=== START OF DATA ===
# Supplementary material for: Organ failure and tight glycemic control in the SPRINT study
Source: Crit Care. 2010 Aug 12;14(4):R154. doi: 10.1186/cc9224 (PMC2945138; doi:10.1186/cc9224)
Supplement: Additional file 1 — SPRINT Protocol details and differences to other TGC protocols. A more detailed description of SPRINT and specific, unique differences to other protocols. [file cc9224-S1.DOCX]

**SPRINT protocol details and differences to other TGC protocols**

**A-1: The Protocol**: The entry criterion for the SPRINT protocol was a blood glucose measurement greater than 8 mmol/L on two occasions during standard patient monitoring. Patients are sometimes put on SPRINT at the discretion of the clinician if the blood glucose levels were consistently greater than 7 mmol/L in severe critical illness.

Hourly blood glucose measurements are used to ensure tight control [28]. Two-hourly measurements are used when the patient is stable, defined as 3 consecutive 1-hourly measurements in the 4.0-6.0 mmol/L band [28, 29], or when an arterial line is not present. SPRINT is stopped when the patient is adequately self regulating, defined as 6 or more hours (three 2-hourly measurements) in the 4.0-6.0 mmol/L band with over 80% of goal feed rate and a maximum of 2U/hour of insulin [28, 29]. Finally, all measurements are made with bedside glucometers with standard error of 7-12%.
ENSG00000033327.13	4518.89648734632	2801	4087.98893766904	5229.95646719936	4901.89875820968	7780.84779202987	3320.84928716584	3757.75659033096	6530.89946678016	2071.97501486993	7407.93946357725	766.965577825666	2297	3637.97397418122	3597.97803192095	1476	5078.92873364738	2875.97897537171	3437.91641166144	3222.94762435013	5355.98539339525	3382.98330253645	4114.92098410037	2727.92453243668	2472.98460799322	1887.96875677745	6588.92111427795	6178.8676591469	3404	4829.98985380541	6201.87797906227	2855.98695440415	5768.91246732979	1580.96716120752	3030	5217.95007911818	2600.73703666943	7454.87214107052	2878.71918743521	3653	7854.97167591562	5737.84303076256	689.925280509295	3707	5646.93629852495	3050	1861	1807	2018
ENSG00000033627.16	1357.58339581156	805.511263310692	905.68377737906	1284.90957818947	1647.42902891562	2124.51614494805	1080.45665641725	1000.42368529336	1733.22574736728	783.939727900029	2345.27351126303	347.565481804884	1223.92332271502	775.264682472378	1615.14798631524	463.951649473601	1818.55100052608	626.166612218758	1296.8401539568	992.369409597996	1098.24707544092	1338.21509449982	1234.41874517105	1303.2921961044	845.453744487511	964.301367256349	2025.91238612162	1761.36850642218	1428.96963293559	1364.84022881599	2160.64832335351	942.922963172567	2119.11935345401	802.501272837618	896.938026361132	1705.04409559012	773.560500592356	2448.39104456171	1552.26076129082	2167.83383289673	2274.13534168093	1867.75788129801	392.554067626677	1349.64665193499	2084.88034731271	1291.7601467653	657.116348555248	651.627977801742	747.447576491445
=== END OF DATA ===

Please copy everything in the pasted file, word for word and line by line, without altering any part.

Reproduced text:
# Supplementary material for: Organ failure and tight glycemic control in the SPRINT study
Source: Crit Care. 2010 Aug 12;14(4):R154. doi: 10.1186/cc9224 (PMC2945138; doi:10.1186/cc9224)
Supplement: Additional file 1 — SPRINT Protocol details and differences to other TGC protocols. A more detailed description of SPRINT and specific, unique differences to other protocols. [file cc9224-S1.DOCX]

**SPRINT protocol details and differences to other TGC protocols**

**A-1: The Protocol**: The entry criterion for the SPRINT protocol was a blood glucose measurement greater than 8 mmol/L on two occasions during standard patient monitoring. Patients are sometimes put on SPRINT at the discretion of the clinician if the blood glucose levels were consistently greater than 7 mmol/L in severe critical illness.

Hourly blood glucose measurements are used to ensure tight control [28]. Two-hourly measurements are used when the patient is stable, defined as 3 consecutive 1-hourly measurements in the 4.0-6.0 mmol/L band [28, 29], or when an arterial line is not present. SPRINT is stopped when the patient is adequately self regulating, defined as 6 or more hours (three 2-hourly measurements) in the 4.0-6.0 mmol/L band with over 80% of goal feed rate and a maximum of 2U/hour of insulin [28, 29]. Finally, all measurements are made with bedside glucometers with standard error of 7-12%.
ENSG00000033327.13	4518.89648734632	2801	4087.98893766904	5229.95646719936	4901.89875820968	7780.84779202987	3320.84928716584	3757.75659033096	6530.89946678016	2071.97501486993	7407.93946357725	766.965577825666	2297	3637.97397418122	3597.97803192095	1476	5078.92873364738	2875.97897537171	3437.91641166144	3222.94762435013	5355.98539339525	3382.98330253645	4114.92098410037	2727.92453243668	2472.98460799322	1887.96875677745	6588.92111427795	6178.8676591469	3404	4829.98985380541	6201.87797906227	2855.98695440415	5768.91246732979	1580.96716120752	3030	5217.95007911818	2600.73703666943	7454.87214107052	2878.71918743521	3653	7854.97167591562	5737.84303076256	689.925280509295	3707	5646.93629852495	3050	1861	1807	2018
ENSG00000033627.16	1357.58339581156	805.511263310692	905.68377737906	1284.90957818947	1647.42902891562	2124.51614494805	1080.45665641725	1000.42368529336	1733.22574736728	783.939727900029	2345.27351126303	347.565481804884	1223.92332271502	775.264682472378	1615.14798631524	463.951649473601	1818.55100052608	626.166612218758	1296.8401539568	992.369409597996	1098.24707544092	1338.21509449982	1234.41874517105	1303.2921961044	845.453744487511	964.301367256349	2025.91238612162	1761.36850642218	1428.96963293559	1364.84022881599	2160.64832335351	942.922963172567	2119.11935345401	802.501272837618	896.938026361132	1705.04409559012	773.560500592356	2448.39104456171	1552.26076129082	2167.83383289673	2274.13534168093	1867.75788129801	392.554067626677	1349.64665193499	2084.88034731271	1291.7601467653	657.116348555248	651.627977801742	747.447576491445